So Ed Whitacre thinks he saved General Motors.
Bob Lutz thinks that claim is a total crock of (rhymes with part of "Whitacre").
Lutz, the retired GM vice chairman who is to automotive reporters what Shakespeare is to English majors, unleashed a classic Lutzian rant against Whitacre for overstating his effectiveness as the carmaker's post-bankruptcy CEO.
In a post on his blog last week on forbes.com, Lutz complained that so many people now want to take credit for fixing GM, including President Obama and "Mike Bloom," the former head of the White House auto task force whose name is actually Ron Bloom. (Bloom's first name in the post has since been corrected.)
Maximum Bob scoffs at Big Ed's recent book, American Turnaround, for portraying Whitacre as Detroit's version of King Midas, instantly transforming everything he touched into balance-sheet gold. Whitacre is no Midas or Tuffy or even Mr. Goodwrench, Lutz argues:
"Presumably, each of these pockets of ineffectiveness was cured after their encounter with 'Big Ed,' and rapidly spread the gospel until all of GM's hundreds of thousands of global employees got the word and quickly set about creating compelling new products, thus rocketing the company to financial success. If you believe any of this, I need to talk to you about oceanfront property in Nebraska."
Lutz attributes GM's revival entirely to two things: its debt-cleansing trip through Bankruptcy Court and "winning products" developed while he, Rick Wagoner and Fritz Henderson were in charge.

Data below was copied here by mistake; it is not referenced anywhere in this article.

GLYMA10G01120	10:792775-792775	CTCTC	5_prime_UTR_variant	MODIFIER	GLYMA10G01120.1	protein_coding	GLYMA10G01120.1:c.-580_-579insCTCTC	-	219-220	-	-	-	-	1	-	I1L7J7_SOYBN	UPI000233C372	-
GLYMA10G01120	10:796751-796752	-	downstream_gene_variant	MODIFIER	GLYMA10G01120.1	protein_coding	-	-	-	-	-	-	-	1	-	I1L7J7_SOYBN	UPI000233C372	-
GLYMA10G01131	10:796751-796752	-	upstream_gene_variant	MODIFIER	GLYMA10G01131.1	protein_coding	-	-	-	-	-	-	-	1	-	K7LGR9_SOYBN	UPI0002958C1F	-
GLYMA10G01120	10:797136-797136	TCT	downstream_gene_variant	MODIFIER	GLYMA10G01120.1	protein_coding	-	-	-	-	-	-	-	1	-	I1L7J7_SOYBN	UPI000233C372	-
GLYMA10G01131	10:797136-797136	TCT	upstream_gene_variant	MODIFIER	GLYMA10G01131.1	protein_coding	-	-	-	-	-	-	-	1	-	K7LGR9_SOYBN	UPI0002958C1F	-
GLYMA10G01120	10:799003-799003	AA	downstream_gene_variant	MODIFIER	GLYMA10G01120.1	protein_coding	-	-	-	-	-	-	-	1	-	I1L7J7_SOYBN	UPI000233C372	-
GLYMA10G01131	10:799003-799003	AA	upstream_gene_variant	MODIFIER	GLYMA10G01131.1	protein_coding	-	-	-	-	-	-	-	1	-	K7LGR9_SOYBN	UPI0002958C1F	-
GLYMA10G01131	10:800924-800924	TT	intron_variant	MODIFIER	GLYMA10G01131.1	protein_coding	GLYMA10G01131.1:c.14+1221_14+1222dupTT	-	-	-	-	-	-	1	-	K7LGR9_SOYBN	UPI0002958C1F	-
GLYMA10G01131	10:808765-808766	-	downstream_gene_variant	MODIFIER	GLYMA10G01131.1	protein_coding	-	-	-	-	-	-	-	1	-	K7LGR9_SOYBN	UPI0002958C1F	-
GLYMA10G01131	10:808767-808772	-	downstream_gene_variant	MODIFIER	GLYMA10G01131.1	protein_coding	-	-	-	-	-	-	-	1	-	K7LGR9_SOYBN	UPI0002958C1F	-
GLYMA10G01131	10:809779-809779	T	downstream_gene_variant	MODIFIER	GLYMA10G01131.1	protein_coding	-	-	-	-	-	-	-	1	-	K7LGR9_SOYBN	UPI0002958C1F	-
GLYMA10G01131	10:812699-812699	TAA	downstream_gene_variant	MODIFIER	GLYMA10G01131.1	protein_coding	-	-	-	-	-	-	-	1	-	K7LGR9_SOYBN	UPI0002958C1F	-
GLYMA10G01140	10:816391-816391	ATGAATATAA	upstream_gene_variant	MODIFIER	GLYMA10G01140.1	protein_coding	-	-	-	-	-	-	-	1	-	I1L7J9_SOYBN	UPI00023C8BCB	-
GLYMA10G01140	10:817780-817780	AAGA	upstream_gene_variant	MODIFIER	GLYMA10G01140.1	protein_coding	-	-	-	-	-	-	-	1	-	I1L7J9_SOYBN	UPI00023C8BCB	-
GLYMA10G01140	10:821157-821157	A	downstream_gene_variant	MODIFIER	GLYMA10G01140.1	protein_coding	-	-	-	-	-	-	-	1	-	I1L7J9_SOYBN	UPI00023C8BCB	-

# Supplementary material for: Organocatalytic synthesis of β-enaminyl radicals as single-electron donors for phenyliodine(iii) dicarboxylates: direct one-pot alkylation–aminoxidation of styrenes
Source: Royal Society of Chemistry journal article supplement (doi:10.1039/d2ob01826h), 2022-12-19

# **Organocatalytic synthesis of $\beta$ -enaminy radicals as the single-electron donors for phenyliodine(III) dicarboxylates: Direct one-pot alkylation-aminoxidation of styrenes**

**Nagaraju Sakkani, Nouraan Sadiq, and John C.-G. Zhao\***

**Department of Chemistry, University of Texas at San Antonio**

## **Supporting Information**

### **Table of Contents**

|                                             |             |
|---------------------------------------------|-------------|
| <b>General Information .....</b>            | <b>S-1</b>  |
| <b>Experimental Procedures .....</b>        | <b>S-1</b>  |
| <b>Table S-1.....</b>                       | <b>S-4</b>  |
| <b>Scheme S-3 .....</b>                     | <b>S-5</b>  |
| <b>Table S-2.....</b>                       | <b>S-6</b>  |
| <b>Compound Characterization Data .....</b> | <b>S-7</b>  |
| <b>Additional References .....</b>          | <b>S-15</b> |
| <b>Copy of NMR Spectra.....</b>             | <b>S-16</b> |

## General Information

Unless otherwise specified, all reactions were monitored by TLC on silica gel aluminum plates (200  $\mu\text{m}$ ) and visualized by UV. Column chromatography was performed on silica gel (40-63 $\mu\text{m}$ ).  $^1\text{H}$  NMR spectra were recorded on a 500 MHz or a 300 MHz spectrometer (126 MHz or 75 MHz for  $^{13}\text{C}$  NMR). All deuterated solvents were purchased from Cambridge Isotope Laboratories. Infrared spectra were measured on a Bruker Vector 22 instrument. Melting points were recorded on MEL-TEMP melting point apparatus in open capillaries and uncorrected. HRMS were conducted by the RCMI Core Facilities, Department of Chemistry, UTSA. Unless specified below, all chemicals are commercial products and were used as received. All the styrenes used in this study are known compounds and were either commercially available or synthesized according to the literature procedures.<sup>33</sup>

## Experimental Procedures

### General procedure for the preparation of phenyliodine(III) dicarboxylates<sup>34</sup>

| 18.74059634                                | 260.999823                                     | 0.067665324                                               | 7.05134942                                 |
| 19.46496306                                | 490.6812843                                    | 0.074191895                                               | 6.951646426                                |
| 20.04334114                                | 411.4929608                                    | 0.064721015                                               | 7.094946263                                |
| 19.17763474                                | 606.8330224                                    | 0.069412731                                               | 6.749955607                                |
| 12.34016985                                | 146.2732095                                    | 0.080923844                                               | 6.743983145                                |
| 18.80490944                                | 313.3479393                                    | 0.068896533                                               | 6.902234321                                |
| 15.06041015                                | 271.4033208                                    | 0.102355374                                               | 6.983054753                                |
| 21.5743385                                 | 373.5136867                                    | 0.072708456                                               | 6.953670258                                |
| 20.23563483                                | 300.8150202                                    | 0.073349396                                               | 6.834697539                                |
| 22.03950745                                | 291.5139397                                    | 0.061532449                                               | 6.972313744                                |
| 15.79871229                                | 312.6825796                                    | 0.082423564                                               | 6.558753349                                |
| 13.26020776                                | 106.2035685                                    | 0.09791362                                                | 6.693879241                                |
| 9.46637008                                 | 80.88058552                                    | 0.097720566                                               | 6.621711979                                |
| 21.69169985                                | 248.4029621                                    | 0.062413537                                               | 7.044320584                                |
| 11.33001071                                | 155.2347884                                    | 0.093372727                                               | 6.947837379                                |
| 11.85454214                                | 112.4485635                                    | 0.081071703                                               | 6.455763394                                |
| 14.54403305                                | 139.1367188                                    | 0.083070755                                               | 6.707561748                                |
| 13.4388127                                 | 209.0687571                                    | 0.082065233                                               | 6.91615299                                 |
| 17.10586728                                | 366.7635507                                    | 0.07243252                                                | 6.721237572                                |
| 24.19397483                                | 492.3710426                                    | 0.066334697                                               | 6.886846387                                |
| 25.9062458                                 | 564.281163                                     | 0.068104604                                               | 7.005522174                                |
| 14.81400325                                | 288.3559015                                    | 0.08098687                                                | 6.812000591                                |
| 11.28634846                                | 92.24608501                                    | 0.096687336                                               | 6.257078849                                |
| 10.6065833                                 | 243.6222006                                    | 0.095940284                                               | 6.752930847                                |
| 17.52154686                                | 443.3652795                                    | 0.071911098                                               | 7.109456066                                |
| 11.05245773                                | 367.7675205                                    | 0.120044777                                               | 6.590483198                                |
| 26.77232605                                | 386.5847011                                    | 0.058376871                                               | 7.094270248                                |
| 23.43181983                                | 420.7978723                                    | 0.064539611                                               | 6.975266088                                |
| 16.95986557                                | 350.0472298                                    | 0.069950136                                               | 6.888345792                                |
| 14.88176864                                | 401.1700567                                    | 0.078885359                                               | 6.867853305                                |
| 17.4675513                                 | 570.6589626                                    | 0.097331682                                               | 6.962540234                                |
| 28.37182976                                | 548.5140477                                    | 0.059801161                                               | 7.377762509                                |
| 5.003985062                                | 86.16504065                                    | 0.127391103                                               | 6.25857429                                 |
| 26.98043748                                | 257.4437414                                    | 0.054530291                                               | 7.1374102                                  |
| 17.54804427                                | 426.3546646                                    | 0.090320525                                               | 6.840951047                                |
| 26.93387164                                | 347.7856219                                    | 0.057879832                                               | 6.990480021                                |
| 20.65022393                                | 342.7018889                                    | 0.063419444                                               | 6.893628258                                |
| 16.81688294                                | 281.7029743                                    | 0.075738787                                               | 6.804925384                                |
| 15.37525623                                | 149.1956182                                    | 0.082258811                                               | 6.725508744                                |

But Whitacre doesn't seem to be on board with the idea that GM's product pipeline was in good shape before he took over (which, as he reveals in his book, he did because no one else wanted to do the job, not even for $9 million in annual compensation. For the record, I was never asked).
Appearing on Comedy Central's "The Daily Show" Feb. 6, Whitacre emphatically told host Jon Stewart that GM now builds "the best" vehicles.
Stewart then asked: "Why didn't they do that before? Why did they wait until they got bankrupt?" Whitacre laughed heartily and eventually responded, "You'll have to ask them."
Whitacre, Lutz says, wouldn't know a good car if it hit him like a runaway… uh …choo-choo train:
"Ed's most notable contribution to design was a comment I recall at a Cadillac styling session. Professing to know nothing about cars (true), he nevertheless opined that Cadillacs had the look of 'old-fashioned Choo-choo trains.' We digested that opaque bit of input and elected to stay with what we had."
Twice -- perhaps accidentally -- Lutz nearly compliments Whitacre, saying he was "not without value" and "a good leader" who made "incremental improvement" to GM. Then Lutz takes one final jab, no doubt inspired by his childhood on a farm along Omaha's world-renowned Pacific coast:
"To suggest that he is the architect of GM's current success is a bit like crediting the rooster with making the sun come up."